How Scalia's prophecy became a moral crisis
Supreme Court Associate Justice Antonin Scalia predicted that anti-gay marriage laws would fall.
June 27th, 2014
08:20 AM ET

How Scalia's prophecy became a moral crisis

By R. Albert Mohler Jr.special to CNN

(CNN) - One year after the U.S. Supreme Court’s decision on the Defense of Marriage Act, this much is clear: Justice Antonin Scalia is a prophet.

Back in 2003, when the court handed down the decision in Lawrence v. Texas, striking down all criminal statutes against homosexual acts, Scalia declared that the stage was set for the legalization of same-sex unions. That was 2003.

“Today’s opinion dismantles the structure of constitutional law that has permitted a distinction to be made between heterosexual and homosexual unions, insofar as a formal recognition in marriage is concerned,” wrote Scalia.

He was proved to be absolutely prophetic when, just ten years later, the court ruled in United States v. Windsor that the Defense of Marriage Act was unconstitutional — thus striking down the federal statute defining marriage exclusively as the union of a man and a woman.

Once again, Justice Anthony Kennedy wrote the majority opinion, while Scalia handed down a fiery dissent. As before, Scalia was prophetic.

Even though the Court did not rule that same-sex marriage must be legal in all states, it set the stage for that to happen. As Scalia wrote: “As far as this Court is concerned, no one should be fooled; it is just a matter of listening and waiting for the other shoe.”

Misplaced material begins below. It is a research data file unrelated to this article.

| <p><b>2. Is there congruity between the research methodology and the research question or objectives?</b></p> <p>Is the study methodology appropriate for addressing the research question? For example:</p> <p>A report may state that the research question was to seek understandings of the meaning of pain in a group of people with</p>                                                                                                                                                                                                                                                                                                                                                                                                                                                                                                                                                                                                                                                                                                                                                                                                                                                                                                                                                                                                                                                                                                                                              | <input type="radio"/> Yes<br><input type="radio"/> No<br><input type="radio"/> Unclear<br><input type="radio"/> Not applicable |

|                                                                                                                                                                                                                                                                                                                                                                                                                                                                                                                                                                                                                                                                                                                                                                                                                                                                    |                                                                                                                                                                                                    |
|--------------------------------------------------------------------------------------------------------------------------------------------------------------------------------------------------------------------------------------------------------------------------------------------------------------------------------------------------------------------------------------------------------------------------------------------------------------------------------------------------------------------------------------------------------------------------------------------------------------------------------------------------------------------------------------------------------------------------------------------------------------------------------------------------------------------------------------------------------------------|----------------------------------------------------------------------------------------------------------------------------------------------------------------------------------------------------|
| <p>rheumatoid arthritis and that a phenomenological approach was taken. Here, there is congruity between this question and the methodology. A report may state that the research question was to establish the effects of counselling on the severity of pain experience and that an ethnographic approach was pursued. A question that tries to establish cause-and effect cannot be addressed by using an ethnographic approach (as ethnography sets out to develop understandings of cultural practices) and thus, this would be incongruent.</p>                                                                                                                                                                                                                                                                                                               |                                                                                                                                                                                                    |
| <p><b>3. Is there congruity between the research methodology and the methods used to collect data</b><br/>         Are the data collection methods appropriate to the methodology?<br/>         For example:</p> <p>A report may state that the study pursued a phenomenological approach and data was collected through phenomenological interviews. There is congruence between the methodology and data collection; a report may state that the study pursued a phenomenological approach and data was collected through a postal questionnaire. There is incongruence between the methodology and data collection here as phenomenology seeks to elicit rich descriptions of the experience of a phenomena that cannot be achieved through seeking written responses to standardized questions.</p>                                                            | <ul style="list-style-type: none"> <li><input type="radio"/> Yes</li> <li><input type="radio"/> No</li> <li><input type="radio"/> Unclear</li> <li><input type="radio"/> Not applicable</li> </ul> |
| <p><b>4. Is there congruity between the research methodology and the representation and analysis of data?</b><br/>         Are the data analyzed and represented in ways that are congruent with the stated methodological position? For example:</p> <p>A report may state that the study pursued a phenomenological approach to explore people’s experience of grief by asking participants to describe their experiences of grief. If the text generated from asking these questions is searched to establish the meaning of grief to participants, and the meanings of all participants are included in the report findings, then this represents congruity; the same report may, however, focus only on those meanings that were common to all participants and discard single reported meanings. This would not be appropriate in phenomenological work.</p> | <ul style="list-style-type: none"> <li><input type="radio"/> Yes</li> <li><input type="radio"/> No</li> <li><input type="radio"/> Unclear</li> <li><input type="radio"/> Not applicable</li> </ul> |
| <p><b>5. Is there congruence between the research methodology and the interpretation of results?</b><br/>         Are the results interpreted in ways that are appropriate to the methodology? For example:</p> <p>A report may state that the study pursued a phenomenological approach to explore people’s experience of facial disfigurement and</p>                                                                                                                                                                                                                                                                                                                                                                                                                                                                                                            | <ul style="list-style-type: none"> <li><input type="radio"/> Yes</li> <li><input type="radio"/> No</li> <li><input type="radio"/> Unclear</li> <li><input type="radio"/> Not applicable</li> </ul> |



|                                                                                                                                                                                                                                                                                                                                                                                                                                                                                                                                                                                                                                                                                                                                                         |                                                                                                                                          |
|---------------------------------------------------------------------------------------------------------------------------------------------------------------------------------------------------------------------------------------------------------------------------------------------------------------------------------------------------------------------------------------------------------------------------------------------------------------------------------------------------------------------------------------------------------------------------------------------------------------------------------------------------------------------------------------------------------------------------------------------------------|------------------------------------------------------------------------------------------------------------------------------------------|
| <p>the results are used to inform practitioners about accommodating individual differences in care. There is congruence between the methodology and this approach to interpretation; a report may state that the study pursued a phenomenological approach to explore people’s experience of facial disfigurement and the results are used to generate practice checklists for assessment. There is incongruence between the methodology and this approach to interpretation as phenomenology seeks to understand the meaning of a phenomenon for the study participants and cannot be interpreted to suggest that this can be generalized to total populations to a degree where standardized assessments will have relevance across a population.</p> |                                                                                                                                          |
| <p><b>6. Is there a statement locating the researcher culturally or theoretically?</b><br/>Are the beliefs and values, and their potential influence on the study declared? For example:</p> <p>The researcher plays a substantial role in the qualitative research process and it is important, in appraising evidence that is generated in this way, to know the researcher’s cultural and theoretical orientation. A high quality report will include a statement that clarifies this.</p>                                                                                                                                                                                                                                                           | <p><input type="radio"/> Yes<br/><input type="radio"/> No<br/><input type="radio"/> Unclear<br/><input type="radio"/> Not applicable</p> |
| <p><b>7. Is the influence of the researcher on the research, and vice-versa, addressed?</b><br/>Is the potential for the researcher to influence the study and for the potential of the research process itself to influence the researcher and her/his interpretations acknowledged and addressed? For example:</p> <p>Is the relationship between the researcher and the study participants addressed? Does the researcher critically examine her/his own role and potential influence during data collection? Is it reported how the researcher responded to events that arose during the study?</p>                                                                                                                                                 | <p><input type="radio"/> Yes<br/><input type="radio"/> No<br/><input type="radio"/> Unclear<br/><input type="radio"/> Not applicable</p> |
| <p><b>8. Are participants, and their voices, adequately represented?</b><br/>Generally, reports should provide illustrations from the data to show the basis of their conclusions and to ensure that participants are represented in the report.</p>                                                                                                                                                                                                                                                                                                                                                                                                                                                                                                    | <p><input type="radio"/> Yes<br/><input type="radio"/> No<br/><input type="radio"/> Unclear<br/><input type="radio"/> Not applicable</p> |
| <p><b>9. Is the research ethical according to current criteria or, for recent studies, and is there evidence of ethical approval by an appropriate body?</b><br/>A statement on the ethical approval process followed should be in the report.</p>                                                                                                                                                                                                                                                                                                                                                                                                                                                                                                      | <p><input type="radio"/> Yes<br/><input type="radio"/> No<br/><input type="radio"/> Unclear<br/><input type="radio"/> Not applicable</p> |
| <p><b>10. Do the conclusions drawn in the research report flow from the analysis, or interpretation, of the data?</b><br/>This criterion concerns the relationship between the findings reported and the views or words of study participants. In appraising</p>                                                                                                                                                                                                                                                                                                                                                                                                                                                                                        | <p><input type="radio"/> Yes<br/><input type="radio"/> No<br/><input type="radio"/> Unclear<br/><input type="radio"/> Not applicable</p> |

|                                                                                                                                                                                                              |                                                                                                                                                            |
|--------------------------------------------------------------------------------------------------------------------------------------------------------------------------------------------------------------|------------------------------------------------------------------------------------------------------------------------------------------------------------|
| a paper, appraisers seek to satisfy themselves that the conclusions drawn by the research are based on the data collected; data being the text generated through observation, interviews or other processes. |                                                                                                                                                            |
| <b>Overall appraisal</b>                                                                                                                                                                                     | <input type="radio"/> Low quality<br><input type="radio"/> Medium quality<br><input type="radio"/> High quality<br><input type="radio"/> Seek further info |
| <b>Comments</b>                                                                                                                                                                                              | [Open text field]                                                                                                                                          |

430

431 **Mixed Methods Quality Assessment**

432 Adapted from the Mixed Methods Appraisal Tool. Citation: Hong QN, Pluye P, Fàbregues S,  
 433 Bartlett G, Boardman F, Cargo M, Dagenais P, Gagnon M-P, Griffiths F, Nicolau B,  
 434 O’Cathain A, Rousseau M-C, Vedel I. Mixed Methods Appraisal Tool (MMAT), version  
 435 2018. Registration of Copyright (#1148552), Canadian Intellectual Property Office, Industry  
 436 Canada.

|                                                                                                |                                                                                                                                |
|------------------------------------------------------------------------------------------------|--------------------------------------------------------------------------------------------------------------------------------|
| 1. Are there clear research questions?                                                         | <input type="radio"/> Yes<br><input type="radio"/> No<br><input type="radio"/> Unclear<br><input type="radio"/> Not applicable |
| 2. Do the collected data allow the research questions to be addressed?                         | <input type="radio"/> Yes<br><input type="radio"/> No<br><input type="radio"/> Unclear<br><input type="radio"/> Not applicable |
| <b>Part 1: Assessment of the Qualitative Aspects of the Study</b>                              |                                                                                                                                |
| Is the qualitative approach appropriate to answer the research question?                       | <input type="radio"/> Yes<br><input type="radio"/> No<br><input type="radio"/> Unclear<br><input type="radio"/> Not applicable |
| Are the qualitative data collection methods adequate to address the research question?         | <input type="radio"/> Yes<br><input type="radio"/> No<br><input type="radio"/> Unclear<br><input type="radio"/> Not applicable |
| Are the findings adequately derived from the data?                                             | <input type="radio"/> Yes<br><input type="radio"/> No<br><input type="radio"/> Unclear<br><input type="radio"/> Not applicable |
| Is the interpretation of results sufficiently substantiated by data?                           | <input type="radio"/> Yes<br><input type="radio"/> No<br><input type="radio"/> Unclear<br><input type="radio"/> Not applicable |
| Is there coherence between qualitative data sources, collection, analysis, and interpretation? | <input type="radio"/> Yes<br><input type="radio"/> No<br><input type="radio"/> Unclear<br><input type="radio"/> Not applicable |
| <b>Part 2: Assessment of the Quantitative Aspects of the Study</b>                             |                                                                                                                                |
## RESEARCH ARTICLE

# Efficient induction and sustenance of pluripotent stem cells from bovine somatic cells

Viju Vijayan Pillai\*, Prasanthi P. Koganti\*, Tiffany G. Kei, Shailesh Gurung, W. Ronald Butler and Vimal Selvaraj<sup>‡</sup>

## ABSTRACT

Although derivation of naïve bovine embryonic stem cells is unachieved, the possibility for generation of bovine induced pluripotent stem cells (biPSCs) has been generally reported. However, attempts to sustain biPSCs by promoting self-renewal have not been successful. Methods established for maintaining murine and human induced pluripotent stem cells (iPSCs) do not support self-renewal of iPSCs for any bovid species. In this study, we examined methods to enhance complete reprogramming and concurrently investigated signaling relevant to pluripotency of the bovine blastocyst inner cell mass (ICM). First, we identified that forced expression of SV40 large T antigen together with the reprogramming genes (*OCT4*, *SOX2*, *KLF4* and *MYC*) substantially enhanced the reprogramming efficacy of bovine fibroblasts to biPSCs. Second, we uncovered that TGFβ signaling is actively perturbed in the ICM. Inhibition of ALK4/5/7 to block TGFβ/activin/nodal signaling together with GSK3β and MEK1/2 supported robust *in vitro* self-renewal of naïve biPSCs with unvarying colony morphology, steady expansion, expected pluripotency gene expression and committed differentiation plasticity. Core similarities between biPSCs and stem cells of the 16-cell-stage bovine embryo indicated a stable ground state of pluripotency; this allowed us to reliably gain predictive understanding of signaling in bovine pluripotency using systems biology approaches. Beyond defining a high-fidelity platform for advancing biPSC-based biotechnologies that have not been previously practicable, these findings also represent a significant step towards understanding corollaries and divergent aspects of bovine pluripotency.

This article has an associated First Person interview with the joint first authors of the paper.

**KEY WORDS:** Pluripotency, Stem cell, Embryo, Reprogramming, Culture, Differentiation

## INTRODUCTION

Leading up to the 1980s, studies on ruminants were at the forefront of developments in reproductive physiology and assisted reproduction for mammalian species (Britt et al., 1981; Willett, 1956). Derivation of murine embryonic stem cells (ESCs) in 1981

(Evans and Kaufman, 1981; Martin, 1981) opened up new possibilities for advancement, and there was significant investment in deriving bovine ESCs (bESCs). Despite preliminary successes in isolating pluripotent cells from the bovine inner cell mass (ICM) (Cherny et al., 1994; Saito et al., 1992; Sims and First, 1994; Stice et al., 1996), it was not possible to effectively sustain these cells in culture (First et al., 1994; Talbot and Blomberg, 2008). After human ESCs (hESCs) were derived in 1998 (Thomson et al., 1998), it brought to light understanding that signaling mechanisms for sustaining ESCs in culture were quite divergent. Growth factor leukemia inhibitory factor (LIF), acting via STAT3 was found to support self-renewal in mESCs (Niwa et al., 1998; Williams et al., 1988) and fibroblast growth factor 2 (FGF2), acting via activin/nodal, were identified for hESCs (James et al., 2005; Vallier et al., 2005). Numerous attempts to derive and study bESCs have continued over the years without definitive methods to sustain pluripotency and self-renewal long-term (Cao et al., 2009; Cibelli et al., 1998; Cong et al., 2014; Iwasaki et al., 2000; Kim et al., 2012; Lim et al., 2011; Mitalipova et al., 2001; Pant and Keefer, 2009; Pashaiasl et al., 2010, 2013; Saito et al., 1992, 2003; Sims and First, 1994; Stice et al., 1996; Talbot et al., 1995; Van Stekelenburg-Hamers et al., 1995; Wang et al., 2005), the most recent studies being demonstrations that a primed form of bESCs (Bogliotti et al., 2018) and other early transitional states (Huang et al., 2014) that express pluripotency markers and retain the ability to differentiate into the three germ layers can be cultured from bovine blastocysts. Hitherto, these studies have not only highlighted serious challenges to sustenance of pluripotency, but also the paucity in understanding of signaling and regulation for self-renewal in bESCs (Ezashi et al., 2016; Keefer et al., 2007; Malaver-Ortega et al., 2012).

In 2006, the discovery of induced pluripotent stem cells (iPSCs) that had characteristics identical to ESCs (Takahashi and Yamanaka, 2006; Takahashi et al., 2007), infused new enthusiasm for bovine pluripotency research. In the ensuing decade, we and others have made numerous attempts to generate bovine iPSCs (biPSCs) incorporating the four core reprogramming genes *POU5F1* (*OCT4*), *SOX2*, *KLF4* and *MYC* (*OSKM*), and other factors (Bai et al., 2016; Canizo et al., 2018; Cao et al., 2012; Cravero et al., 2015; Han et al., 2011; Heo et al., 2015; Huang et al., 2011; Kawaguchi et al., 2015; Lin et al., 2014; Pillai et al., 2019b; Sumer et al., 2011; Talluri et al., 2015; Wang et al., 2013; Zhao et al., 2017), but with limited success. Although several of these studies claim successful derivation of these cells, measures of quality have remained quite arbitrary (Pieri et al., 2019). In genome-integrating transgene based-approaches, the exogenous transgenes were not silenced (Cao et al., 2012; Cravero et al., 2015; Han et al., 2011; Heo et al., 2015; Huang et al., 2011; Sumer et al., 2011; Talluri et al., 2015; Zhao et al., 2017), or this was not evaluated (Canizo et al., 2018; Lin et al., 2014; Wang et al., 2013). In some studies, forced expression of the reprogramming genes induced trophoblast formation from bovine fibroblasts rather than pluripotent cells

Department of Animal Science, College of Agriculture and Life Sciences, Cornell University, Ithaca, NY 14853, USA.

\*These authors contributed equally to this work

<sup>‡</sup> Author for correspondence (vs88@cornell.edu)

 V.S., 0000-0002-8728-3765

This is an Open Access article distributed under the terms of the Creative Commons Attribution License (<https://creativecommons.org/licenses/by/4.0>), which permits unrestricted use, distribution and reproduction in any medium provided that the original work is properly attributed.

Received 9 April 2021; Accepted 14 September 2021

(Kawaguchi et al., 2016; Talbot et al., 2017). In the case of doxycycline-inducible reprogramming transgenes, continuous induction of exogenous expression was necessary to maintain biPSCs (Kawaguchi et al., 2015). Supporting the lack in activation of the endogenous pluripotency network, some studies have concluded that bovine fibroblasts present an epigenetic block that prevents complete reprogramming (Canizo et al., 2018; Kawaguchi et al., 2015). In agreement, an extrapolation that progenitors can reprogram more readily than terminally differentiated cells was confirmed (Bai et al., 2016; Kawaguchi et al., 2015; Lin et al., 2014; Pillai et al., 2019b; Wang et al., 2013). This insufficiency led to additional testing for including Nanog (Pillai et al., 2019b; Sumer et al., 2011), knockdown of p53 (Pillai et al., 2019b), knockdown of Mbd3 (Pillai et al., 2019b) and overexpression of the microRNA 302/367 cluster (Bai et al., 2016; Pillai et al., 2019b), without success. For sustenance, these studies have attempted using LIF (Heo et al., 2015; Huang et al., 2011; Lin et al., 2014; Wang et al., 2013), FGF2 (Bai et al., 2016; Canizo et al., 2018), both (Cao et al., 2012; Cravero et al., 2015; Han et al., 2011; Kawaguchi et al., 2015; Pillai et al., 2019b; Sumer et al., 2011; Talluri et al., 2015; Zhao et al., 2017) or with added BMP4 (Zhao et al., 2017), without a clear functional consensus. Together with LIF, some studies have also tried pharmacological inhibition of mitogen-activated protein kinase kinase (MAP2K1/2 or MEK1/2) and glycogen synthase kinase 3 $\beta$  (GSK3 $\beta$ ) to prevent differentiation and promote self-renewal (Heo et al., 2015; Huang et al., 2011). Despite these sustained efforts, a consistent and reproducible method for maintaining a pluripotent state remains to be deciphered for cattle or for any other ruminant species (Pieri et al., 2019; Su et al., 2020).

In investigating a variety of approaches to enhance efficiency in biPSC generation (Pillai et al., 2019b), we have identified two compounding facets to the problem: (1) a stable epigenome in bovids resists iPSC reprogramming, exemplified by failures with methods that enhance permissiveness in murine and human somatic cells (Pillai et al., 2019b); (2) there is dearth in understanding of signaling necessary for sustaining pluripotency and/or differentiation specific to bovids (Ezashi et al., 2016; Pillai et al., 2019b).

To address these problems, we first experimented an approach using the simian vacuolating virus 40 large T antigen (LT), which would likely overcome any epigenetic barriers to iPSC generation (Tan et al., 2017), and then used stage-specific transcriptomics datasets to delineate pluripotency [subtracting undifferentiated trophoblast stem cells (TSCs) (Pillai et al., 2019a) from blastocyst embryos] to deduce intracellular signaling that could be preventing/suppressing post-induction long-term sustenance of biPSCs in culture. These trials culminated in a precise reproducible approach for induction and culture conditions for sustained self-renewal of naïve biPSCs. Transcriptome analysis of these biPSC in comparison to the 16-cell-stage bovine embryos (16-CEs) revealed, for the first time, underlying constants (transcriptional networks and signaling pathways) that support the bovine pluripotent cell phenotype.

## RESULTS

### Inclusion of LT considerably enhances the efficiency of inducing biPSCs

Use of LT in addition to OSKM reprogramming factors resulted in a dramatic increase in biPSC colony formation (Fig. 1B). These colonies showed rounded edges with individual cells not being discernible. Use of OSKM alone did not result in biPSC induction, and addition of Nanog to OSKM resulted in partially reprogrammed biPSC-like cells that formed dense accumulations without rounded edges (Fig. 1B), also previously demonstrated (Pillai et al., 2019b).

One year later, it is abundantly evident that we did not have to wait or listen for long.
Almost immediately, challenges to state laws and constitutional amendments prohibiting same-sex marriages erupted.

In a staggering series of decisions at the federal and state levels, judges explicitly cited the nullification of DOMA and the central arguments of the Windsor decision in striking down those laws and constitutional amendments.

A year after the death of DOMA, not one major decision has defended any of these statutes or amendments. Kennedy’s opinion has been cited as authoritative in virtually every one of these judicial actions.

This has meant that in a single year, the legalization of same sex marriage has become a reality or received a positive judicial action in states including Utah, Oklahoma, Kentucky, Virginia, Texas, Pennsylvania, Oregon and a host of other states far from where such unions had previously been recognized.

A year later, it is clear that the Supreme Court remains the central political institution of moral transformation in America.

A year later, it is also clear that the court was riding a vast change in public opinion.

We must also see that the time is almost at hand for that transformation to be made complete, at least in terms of the legalization of same-sex marriage in all 50 states.